The Spark

“The emancipation of the working class will only be achieved by the working class itself.” — Karl Marx

Spain and Catalonia:
The Arm Wrestling Continues

Oct 30, 2017

The following article was translated from Lutte Ouvrière [Workers Struggle], the newspaper of the French revolutionary workers’ group of that name.

For months, the status of Catalonia has dominated Spain’s political life. On October 1, 2017, the Catalan independence parties – those on the right, the left, and the far left – organized a referendum on independence. The central government in Madrid declared the referendum illegal.

Neither the banning of the referendum nor the deployment of the police stopped two million Catalans from voting and from expressing their discontent with the politics of the central government by voting for independence. As it had said it would, the central government in Madrid declared the results null and void.

Since then, the Catalan legislature declared independence, and the Spanish government responded by dissolving the legislature.

Today, with the economic crisis hitting Spain, like the rest of the world, and throwing society backwards, the growth of political currents pushing independence is the expression of multiplying social tensions. But these politics offer no positive perspective for the working class and poor.

The pro-independence parties and organizations use a radical language that doesn’t at all address the working class, neither in Catalonia nor anywhere else. The workers continue to suffer from low wages, unemployment, and more and more intense exploitation. In the factories, the public services, retail, the banking sector, tourism, or agriculture, workers have to declare if they are from Catalonia or Andalusia, or if they come from a different part of the country. It is a dangerous delusion to believe that someone has the right to better treatment because they were born in Catalonia or their family is Catalan. Asking about everyone’s origins divides the exploited – when they need to be united in order to assert their rights.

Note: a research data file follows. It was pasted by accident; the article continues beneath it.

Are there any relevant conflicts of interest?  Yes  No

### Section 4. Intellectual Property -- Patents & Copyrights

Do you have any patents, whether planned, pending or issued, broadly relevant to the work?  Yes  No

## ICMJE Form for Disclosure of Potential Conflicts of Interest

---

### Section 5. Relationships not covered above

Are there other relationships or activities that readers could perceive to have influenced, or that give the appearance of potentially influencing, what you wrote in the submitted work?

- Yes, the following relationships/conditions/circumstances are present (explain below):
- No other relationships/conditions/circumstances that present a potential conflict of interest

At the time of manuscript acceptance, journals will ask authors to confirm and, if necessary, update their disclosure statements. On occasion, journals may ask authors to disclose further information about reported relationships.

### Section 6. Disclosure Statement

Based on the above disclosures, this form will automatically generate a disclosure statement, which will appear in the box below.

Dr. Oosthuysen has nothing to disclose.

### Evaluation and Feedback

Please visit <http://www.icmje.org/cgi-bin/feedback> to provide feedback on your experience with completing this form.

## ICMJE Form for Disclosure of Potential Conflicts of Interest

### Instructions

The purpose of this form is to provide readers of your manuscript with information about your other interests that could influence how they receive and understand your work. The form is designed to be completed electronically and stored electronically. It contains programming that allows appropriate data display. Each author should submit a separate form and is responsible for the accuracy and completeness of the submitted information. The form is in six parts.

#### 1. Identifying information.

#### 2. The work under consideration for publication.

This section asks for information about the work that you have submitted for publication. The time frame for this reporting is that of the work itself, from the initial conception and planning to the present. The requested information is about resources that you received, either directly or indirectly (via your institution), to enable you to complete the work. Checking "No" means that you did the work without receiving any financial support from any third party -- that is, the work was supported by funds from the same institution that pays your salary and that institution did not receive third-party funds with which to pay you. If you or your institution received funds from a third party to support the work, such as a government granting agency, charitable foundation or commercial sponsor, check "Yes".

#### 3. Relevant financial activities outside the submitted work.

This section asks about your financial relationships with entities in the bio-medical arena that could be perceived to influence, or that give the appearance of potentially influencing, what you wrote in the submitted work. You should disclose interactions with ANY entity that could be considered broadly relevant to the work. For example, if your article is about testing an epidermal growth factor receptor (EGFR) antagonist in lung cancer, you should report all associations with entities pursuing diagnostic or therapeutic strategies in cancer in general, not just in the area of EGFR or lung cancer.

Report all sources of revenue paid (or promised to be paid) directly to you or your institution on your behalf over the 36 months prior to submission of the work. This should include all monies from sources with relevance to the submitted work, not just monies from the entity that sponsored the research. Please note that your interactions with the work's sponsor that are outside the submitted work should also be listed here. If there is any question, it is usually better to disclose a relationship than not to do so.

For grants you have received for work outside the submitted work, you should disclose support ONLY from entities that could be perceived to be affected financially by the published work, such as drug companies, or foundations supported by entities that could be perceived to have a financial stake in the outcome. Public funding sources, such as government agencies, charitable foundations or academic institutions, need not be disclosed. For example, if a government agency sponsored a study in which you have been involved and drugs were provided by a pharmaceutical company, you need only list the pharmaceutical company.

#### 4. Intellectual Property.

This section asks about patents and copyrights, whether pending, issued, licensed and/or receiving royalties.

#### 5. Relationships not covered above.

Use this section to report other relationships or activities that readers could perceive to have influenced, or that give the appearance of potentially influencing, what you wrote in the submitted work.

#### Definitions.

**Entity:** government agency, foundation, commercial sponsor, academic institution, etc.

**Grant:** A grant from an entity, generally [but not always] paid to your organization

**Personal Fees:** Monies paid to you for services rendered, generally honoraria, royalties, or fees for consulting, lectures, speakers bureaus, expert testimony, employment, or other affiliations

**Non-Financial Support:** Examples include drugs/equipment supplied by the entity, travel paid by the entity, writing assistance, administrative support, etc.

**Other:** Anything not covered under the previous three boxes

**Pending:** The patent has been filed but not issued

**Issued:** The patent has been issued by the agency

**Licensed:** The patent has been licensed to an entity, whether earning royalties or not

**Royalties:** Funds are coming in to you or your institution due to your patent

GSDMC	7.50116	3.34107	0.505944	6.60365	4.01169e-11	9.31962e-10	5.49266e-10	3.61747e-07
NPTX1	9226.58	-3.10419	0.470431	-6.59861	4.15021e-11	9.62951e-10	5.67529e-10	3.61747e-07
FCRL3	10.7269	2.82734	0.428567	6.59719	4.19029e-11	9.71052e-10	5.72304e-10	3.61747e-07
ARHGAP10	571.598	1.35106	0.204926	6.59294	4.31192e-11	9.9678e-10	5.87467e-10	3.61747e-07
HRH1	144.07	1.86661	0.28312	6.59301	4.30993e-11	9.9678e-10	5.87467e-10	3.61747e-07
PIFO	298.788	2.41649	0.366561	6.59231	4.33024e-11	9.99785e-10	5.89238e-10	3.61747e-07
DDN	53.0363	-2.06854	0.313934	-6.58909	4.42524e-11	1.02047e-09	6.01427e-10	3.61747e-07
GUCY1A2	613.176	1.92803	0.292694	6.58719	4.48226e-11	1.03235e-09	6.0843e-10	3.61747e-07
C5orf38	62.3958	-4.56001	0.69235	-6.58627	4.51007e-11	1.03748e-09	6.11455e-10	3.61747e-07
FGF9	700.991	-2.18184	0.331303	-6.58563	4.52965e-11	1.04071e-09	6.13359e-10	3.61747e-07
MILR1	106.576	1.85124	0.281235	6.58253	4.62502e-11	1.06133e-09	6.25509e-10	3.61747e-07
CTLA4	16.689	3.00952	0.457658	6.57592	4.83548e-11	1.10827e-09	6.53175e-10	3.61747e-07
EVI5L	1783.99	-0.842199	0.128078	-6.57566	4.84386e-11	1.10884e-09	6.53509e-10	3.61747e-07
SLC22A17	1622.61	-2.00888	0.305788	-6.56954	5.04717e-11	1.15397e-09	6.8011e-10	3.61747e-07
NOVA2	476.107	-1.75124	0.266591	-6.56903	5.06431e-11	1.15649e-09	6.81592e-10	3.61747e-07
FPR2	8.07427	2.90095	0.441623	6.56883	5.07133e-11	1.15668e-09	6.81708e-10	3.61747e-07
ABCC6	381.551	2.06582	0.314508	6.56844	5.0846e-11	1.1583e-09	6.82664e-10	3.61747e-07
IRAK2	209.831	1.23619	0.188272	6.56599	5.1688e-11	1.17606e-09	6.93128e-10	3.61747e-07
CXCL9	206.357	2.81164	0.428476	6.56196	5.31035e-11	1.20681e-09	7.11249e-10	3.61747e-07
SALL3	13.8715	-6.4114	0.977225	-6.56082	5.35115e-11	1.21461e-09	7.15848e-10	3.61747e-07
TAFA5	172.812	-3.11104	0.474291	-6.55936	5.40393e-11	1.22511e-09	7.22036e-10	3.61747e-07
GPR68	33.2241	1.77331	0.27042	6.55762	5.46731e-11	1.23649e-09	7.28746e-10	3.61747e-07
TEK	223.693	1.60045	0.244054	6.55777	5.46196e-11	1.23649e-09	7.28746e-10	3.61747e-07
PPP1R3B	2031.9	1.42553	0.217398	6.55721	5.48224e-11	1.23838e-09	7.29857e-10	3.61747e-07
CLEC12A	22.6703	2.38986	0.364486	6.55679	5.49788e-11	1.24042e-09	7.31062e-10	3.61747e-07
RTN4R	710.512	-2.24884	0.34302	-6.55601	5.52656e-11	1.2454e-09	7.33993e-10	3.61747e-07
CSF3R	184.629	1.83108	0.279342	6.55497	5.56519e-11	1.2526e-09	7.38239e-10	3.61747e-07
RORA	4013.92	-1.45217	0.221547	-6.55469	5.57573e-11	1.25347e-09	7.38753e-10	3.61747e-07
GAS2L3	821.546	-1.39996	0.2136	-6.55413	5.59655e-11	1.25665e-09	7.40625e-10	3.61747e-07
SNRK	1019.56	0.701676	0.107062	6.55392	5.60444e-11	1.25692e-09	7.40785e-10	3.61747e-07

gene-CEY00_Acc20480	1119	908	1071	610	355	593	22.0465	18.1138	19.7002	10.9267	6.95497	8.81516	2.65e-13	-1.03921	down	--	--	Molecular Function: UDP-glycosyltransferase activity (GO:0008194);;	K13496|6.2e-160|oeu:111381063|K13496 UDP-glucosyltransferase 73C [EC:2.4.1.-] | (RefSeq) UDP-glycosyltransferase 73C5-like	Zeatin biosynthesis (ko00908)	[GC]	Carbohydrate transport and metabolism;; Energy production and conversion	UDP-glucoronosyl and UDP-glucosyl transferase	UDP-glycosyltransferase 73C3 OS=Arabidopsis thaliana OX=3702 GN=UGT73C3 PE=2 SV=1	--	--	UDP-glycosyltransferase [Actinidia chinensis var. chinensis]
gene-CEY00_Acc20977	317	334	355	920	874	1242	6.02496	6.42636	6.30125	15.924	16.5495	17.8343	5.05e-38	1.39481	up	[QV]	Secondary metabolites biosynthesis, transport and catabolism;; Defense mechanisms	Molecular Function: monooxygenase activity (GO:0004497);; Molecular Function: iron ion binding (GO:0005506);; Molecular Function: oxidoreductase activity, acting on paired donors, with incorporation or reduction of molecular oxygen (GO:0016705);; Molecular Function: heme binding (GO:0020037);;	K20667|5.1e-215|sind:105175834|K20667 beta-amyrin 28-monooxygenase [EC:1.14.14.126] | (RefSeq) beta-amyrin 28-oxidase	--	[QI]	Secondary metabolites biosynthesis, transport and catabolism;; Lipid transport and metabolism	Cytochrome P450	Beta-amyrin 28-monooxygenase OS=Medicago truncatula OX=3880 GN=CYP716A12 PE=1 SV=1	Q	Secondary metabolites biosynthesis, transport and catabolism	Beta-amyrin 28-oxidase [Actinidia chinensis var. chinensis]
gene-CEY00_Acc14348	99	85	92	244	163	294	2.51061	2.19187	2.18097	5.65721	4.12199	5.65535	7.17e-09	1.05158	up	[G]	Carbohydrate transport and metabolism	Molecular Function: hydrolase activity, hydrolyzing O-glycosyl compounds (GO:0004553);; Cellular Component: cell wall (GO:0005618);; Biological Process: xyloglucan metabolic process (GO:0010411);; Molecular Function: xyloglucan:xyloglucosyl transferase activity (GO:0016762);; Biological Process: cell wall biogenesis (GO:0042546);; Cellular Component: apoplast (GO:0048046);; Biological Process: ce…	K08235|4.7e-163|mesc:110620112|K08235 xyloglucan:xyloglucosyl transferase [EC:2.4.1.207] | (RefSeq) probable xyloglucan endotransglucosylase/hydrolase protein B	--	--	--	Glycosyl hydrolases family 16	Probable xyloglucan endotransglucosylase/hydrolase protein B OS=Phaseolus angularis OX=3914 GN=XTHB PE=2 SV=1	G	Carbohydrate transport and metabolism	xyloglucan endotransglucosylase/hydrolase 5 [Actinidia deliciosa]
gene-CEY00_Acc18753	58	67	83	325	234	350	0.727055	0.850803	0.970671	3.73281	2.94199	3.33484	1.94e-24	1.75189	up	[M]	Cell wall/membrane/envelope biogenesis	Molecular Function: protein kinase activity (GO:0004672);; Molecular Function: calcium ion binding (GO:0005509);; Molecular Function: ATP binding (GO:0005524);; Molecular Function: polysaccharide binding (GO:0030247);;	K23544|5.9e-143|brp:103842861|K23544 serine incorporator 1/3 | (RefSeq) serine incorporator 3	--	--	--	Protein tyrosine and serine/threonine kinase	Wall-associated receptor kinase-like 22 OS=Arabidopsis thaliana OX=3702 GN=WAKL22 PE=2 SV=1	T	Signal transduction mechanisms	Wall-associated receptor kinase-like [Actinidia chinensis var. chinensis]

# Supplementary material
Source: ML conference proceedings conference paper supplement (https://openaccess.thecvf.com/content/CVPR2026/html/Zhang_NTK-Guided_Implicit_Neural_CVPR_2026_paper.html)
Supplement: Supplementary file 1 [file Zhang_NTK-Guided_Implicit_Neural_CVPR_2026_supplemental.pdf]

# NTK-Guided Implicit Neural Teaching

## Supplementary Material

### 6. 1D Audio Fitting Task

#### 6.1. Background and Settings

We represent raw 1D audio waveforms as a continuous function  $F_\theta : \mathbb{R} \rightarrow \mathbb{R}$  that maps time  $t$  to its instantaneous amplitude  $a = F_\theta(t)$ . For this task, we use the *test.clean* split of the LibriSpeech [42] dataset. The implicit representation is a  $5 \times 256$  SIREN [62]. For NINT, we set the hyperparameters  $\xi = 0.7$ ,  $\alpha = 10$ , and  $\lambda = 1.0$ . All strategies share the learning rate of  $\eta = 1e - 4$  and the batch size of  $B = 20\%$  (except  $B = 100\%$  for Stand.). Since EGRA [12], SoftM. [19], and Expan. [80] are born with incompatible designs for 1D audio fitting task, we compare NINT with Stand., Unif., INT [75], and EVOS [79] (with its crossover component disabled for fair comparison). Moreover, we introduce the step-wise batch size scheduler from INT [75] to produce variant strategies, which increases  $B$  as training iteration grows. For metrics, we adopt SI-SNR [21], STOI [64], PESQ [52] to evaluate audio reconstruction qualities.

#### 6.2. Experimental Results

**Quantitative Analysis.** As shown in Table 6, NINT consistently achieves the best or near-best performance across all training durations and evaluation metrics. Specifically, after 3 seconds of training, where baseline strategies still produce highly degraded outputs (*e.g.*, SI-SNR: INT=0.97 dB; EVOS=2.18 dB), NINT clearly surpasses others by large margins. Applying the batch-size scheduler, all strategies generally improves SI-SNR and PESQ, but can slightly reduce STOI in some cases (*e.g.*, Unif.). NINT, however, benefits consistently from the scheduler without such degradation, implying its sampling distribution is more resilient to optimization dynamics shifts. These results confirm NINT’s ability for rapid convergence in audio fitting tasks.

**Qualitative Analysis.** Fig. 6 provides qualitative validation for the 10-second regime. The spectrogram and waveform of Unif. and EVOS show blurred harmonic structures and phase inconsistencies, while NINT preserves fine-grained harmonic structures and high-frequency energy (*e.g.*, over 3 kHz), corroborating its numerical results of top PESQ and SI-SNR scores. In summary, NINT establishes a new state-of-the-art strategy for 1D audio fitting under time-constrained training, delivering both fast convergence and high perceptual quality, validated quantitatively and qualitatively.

Many people in Catalonia have fallen into the trap of believing that they can find allies among their exploiters because they are of the same nationality. Puigdemont, the Catalan independence leader, is a bourgeois politician who defends anti-worker policies and is ready to negotiate for anything and against anything in order to participate in power. And his predecessor, Arthur Mas, is a high-finance swindler who was caught up in well-known scandals and who also tried to direct the anger of the exploited into dead-ends.

It is true that it’s necessary, throughout Spain, to fight the politics of the central government in power in Madrid, and to denounce the violence of the police directed by the Spanish Prime Minister Rajoy with the complicity of the Spanish Socialist Party. But we can’t stop there.

The repression organized by Rajoy and the effort today against those who oppose the government’s policies by proposing independence, can also be used to attack those who fight to defend the rights of workers. And it’s on all those problems that we must struggle: the budget cuts, the privatizations, the attacks against retirees.

Those like Puigdemont on one side, and those like Rajoy on the other, fight to better serve this or that fraction of the bourgeoisie. But they are all ready, one like the other, each one in his own way and on his own political terrain, to attack the workers.